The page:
A right hemitransfixion incision and bilateral mucoperi­chondrial flaps were elevated as far posteriorly on the septum as possible. Care is taken to preserve meticulously the mucosa of the nasal septum bilaterally. The nasal dor­sum is exposed with bilateral marginal incisions and a transcolumellar incision. The upper lateral cartilage is then carefully divided off the dorsal septum in the submucosal plane. If a rent is made in the flaps, it is repaired immedi­ately with 5-0 chromic suture. Further mucoperichondrial flap dissection is done through the dorsum of the nose in cases when dissection posterior to the septal deflection cannot he accomplished through the hemitransfixion inci­sion. The deformed portions of the septum are then resected. In all cases the dorsal septum under the nasal bone and projecting caudally at least 5 mm is preserved as a strut to fixate replacement grafts. In cases where ethmoid hone stenting spreader grafts alone are used, the septal cartilage is weakened by morselization or scoring, but is not divided.

Material for septal reconstruction is next harvested. If the perpendicular plate of the ethmoid and/or vomer bone is used as stenting spreader grafts, small pieces of straight hone are harvested (Fig. 2, A-H). If ethmoid or vomer bone is used as a septa replacement graft, a large, straight piece must he harvested (Fig. 3, A-E). In cases of a mild saddle nose deformity, various autogenous, homograft, or synthetic materials can be used as a dorsal onlay graft (Fig. 1B). Ear cartilage is harvested through an anterior conchal bowl incision using the shadow of the lateral conchal bowl to hide the scar. The radix helicus is left intact so as not to change the contour of the ear. The incision is closed with running 5-0 fast absorbing gut and a cotton tie through bolster.

If a rib graft is used for septal reconstruction, it is har­vested at this time. If there is no evidence of significant saddle deformity, then a cartilaginous rib graft is harvested from the confluence of the 7th and 8th rib through a 4-5 cm incision directly over the 8th rib.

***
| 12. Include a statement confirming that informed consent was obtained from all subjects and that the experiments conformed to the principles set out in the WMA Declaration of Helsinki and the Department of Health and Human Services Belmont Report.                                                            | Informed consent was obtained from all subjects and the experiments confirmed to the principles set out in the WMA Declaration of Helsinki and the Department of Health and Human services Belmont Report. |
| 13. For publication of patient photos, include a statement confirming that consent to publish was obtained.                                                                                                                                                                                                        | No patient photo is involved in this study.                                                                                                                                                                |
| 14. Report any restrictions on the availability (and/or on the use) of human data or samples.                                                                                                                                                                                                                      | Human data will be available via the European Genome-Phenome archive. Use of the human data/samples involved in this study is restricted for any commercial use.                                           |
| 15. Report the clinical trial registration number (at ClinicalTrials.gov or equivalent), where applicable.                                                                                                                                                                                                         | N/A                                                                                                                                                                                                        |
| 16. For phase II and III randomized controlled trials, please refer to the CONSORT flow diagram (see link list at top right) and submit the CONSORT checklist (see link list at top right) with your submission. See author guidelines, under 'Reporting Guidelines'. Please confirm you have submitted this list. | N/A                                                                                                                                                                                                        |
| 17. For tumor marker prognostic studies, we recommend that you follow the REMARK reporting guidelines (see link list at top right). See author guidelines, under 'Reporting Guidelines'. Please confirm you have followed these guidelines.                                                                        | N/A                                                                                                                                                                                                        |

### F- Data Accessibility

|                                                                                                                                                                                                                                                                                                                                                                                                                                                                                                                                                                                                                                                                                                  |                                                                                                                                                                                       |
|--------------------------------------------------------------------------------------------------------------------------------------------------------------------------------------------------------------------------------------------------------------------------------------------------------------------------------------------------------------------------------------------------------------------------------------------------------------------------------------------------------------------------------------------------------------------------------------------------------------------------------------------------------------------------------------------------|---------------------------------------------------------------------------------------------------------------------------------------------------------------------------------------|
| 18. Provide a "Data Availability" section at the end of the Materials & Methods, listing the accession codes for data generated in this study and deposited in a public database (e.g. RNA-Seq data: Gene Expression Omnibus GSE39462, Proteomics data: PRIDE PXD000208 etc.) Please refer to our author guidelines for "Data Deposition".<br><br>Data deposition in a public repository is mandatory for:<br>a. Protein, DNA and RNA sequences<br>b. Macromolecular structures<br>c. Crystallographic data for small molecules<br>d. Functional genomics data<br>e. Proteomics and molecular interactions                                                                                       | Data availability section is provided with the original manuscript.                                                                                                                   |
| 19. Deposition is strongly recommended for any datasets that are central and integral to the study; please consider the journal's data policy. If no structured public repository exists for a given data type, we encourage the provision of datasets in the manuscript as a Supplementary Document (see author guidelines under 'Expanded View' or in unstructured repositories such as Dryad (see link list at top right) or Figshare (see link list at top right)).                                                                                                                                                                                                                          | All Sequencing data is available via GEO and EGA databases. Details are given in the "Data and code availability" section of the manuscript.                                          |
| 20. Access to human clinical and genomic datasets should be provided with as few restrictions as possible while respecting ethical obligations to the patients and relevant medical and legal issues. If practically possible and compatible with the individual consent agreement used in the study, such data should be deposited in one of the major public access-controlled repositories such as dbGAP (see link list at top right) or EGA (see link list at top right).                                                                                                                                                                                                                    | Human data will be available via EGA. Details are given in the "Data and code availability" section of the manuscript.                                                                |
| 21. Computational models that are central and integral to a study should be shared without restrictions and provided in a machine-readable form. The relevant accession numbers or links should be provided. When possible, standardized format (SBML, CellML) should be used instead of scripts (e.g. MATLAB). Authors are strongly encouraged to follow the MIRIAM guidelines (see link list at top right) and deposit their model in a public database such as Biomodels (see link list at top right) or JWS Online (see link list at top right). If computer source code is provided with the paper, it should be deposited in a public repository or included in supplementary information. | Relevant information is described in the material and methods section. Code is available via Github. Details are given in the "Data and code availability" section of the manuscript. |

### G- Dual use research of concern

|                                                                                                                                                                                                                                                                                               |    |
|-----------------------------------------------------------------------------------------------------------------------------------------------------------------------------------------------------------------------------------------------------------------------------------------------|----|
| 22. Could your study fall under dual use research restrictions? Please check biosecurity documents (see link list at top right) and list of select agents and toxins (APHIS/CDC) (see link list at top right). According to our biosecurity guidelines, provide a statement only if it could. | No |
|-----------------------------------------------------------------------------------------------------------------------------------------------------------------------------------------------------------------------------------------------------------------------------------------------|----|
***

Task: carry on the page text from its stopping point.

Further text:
The graft is easily carved into wafers with a dermatome blade (Fig. 4). If a significant saddle nose deformity along with intact septal mucoperichondrium and deformed upper lateral cartilages are present concurrently. then the 9th cos­tal cartilage and a 2 cm segment of hone is harvested in continuity (Fig. 5, A-G). In some of the cases the cartilag­inous 10th rib is harvested through the same incision for use as a columellar strut. Dissection around the rib cartilage is done in the subperichondrial plane starting on the external surface of the graft and proceeding down the sides. The harvest site is closed in layers over a small penrose drain.

When calvarial bone is needed, it is harvested from the parietal skull through a hemicoronal incision. Troughs are drilled through the outer table around the bone segment(s) to be harvested. The bone grafts are harvested with an angled blade on a power saw, with care not to violate the inner calvarial bone table. The hemicoronal incision is closed in layers over a suction drain that is left in overnight.

The grafting material of choice is carved appropriately to reconstitute the portion of septal cartilage and dorsum that had been resected or is deficient. Special attention is paid to reconstruct the extremely important 1 to 2 cm caudal and dorsal L-shaped strut. Septal replacement grafting materials are sutured into place with 5-0 polydioxanone sutures. If ethmoid hone stenting spreader grafts are needed, a hand auger is used to drill holes in the hone for through and through suture placement (Fig. 2, A-H). Any other dorsal work including cartilage trimming, rasping, and osteotomies are done. The upper lateral cartilages are trimmed appro­priately and sutured back to the dorsal septal reconstruction with 5-0 polydioxanone sutures. A columellar strut is placed and sutured into place with 4-0 plain mattress su­tures. Any further tip work, including cephalic trim, done division, and suture-fixated tip grafting are done. The mu­coperichondrial flaps are whip-stitched hack to the recon­structed septum with 4-0 plain suture.